This has led to concerns among supporters of Roe v. Wade that the decision may soon be overturned or severely restricted. However, it is important to note that the Supreme Court is generally hesitant to overturn its own precedents, and any attempt to do so would likely face significant legal and political challenges. Nonetheless, the changing political landscape and composition of the Supreme Court remain key factors in the ongoing debate over the future of abortion rights in the United States.

Conservative Legal Strategy and Abortion Restrictions at the State Level

In recent years, conservative lawmakers and activists have pursued a legal strategy aimed at chipping away at abortion rights and ultimately overturning Roe v. Wade. This strategy has involved passing a range of abortion restrictions at the state level, such as waiting periods, mandatory counseling, and limits on when and how abortions can be performed.

These restrictions are often framed as efforts to protect women’s health and safety, but many critics argue that they are actually designed to make it more difficult or even impossible for women to access abortion services. In some cases, states have also passed laws that directly challenge the principles established in Roe v. Wade, such as fetal heartbeat bills that effectively ban abortion after a certain point in pregnancy.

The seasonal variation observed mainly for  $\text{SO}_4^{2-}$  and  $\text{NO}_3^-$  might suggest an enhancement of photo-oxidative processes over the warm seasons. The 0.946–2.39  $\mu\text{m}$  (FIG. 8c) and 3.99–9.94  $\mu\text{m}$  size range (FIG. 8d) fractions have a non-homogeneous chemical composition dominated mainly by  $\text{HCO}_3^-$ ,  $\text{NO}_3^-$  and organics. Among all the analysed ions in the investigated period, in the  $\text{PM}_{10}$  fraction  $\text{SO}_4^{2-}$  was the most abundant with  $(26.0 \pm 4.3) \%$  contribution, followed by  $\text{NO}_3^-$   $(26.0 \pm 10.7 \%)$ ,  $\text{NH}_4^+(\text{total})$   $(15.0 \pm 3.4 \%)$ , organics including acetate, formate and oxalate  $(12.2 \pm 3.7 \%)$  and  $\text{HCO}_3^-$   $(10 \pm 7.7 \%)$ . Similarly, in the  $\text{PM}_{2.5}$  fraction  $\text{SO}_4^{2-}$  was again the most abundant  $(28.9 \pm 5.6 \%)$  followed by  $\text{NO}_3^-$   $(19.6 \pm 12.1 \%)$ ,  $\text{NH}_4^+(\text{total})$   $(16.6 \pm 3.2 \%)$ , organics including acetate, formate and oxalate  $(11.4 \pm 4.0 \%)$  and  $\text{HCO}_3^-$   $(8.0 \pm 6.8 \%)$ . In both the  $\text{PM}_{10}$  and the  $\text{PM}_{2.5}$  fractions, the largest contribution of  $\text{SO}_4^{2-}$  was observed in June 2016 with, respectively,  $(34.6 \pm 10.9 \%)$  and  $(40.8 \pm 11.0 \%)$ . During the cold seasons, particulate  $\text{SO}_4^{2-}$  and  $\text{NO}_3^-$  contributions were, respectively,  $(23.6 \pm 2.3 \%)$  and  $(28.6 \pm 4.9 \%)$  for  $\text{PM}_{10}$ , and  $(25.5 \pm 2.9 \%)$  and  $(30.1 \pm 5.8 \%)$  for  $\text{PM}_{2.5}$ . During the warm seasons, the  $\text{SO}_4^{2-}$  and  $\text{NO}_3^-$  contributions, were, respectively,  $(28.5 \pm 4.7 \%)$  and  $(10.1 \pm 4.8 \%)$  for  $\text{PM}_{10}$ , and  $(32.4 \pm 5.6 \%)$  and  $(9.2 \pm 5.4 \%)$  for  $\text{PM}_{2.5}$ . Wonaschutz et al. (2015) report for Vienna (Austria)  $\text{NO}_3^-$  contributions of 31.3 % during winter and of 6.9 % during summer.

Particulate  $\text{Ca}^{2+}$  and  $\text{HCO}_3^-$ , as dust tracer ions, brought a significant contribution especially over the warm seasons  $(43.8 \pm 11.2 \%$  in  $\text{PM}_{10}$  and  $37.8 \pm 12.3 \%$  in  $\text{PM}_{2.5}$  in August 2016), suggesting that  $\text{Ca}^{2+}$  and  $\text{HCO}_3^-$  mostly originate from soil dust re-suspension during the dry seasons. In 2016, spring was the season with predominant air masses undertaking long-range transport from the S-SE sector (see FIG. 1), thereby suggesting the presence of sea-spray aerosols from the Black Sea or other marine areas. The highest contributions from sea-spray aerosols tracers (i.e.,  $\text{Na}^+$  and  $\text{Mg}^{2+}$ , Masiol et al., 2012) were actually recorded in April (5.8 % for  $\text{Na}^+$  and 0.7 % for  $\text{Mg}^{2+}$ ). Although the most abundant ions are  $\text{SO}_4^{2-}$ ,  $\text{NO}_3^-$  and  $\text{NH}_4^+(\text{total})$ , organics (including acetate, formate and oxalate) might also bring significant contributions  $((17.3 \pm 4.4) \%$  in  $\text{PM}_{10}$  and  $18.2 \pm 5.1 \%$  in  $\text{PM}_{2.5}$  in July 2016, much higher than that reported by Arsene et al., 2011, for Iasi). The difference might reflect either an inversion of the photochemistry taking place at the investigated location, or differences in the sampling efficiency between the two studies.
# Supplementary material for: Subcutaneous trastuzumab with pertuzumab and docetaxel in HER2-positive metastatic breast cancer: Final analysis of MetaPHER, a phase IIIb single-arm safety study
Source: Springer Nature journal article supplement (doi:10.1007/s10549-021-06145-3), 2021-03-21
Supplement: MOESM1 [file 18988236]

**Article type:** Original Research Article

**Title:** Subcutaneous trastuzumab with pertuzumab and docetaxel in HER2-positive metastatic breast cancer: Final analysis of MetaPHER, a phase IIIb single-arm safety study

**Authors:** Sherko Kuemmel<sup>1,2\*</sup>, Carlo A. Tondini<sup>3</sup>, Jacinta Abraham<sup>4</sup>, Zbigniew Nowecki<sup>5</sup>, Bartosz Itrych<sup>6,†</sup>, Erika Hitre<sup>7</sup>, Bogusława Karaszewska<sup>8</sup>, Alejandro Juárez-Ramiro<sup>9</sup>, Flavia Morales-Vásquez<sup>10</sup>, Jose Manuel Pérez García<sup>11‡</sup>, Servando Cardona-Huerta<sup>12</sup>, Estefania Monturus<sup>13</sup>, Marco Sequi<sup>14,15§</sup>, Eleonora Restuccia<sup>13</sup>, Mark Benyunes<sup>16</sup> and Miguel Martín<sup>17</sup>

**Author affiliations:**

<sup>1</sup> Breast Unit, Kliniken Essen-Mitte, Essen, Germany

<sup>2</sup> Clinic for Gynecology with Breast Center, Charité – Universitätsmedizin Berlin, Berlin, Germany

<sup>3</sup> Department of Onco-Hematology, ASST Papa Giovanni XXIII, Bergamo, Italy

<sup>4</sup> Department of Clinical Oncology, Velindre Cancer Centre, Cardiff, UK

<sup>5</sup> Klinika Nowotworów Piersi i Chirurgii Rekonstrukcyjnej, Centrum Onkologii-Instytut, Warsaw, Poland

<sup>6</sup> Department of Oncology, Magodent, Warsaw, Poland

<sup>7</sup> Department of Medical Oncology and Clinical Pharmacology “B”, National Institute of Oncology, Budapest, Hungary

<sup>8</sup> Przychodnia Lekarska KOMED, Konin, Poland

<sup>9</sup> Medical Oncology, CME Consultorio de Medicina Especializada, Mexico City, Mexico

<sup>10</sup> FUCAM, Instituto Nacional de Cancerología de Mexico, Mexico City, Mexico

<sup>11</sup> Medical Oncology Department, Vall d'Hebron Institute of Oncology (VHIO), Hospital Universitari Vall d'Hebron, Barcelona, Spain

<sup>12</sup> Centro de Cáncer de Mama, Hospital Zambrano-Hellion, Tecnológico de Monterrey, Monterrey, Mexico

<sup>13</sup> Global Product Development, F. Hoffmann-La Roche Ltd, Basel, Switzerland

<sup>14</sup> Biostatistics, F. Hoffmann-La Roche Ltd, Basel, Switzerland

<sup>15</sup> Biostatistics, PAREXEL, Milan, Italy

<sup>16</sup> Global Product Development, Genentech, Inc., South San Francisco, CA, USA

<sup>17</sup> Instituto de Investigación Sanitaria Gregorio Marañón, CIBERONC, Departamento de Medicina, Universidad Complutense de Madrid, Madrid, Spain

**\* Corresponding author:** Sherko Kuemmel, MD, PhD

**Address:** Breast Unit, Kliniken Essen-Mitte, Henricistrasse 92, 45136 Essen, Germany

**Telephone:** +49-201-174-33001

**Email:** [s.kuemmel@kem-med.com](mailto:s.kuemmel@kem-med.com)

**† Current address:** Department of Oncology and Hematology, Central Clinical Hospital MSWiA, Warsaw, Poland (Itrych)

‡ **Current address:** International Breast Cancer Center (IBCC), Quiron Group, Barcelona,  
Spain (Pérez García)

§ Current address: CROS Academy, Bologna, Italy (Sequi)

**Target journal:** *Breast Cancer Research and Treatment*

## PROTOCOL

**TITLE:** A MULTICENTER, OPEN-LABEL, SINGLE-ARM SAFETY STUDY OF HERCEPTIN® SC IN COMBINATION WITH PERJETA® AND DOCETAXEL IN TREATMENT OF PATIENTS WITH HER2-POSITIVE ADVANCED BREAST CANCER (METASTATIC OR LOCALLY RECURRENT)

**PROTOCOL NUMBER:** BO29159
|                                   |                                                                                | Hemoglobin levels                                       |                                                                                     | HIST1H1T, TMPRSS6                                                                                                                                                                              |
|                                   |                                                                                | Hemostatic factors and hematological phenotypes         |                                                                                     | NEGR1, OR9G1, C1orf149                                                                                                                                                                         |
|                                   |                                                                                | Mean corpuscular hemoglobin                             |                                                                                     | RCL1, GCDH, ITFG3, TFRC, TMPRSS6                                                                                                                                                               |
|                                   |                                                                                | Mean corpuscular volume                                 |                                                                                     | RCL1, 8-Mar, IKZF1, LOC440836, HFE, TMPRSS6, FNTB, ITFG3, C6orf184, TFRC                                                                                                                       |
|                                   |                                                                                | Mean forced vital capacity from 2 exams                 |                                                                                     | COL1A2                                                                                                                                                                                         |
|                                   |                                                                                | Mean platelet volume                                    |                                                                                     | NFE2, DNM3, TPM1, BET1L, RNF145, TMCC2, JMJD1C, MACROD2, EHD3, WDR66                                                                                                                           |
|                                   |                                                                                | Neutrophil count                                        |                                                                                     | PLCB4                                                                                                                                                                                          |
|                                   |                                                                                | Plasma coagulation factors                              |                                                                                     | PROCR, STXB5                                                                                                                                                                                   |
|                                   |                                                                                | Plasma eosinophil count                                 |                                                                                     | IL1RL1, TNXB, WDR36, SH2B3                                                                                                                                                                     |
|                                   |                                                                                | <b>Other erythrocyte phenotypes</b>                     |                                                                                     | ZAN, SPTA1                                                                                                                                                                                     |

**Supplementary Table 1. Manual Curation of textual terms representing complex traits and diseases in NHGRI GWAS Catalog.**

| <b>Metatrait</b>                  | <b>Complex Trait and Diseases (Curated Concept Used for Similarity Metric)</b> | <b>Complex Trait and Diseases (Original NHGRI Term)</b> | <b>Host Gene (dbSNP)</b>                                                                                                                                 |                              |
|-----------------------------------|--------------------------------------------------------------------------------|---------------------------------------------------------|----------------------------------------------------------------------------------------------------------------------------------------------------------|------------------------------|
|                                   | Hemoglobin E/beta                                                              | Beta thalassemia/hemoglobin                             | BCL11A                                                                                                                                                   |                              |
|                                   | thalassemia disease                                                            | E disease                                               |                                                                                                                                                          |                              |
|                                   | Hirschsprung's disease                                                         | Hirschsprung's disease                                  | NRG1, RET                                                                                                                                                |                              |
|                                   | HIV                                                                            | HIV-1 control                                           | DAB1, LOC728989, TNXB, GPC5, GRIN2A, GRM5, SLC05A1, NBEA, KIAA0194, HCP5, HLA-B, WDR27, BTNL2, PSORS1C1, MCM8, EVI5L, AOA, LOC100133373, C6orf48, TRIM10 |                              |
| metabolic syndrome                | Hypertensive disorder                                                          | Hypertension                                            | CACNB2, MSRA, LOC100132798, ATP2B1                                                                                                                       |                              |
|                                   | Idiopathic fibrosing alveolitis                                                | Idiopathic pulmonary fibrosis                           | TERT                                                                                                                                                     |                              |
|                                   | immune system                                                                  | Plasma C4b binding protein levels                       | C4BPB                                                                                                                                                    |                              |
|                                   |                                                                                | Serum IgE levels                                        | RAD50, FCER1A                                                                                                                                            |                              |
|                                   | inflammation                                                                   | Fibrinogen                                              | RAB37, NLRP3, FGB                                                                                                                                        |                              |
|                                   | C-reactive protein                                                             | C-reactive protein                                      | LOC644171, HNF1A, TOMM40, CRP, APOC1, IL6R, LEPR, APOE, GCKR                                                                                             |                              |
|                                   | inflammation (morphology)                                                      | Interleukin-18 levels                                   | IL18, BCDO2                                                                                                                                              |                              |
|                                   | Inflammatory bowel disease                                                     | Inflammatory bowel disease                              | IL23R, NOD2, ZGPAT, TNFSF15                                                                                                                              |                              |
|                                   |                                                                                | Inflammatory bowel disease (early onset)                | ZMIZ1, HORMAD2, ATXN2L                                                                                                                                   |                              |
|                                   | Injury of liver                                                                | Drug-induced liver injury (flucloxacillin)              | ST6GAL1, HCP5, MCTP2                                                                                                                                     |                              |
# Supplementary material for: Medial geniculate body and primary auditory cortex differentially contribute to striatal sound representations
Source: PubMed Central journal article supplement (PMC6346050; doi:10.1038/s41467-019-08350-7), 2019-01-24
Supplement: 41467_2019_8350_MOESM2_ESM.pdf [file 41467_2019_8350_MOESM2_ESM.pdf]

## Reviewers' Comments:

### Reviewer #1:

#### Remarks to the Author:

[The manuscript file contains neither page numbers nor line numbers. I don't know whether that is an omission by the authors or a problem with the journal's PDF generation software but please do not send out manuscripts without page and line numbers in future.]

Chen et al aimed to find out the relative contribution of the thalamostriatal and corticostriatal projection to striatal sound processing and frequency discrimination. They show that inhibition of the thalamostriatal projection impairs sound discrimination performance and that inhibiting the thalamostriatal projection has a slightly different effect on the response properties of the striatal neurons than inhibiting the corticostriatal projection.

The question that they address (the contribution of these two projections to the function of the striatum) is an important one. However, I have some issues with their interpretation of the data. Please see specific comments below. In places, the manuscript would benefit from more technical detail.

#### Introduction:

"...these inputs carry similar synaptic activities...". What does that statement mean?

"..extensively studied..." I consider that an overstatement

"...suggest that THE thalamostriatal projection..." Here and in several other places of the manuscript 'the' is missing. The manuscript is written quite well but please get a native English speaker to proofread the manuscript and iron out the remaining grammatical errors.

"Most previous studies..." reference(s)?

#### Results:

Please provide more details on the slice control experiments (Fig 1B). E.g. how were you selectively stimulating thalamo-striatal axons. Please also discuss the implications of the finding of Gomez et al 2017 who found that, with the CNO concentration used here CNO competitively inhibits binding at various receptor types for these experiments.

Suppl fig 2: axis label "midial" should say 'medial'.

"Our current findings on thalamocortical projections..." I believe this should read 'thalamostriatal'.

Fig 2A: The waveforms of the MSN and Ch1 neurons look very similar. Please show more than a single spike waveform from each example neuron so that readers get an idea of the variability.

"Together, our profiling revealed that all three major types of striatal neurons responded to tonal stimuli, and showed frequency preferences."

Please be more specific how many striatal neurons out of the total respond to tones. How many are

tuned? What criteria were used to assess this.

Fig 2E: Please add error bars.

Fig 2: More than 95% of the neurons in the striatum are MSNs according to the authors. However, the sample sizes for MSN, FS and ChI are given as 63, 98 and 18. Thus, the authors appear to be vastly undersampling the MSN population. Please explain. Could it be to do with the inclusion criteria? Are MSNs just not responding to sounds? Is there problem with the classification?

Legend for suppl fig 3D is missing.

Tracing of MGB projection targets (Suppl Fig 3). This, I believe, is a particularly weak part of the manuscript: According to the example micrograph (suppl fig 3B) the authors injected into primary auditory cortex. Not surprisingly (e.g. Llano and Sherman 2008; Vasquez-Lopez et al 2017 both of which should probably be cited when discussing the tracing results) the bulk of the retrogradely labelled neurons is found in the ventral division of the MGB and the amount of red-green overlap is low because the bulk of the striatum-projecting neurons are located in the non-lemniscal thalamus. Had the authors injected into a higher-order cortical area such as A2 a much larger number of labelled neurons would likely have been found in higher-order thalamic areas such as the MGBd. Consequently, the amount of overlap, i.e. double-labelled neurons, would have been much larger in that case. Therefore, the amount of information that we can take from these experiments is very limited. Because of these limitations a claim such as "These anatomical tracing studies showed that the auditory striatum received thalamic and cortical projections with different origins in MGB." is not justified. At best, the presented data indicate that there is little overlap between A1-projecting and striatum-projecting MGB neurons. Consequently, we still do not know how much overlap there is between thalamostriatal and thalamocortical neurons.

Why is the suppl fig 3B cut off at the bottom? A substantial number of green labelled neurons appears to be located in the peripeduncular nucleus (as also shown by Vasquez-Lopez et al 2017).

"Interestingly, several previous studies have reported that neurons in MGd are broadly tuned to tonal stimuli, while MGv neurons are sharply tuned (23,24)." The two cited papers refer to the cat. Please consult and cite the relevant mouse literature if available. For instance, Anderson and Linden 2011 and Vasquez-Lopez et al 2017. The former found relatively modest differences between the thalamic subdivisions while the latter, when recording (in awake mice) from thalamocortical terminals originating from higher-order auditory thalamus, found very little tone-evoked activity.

While many of these state-level restrictions have been challenged in court, some have also been upheld, and they have contributed to a patchwork of abortion laws across the country. This has created a situation in which a woman’s ability to access abortion services can vary significantly depending on where she lives and what restrictions are in place.

Key Cases and Precedents Leading to the Reversal of Roe v. Wade

The overturning of Roe v. Wade would likely not happen overnight, but rather through a series of legal challenges and decisions. There are several key cases and legal precedents that could play a role in this process.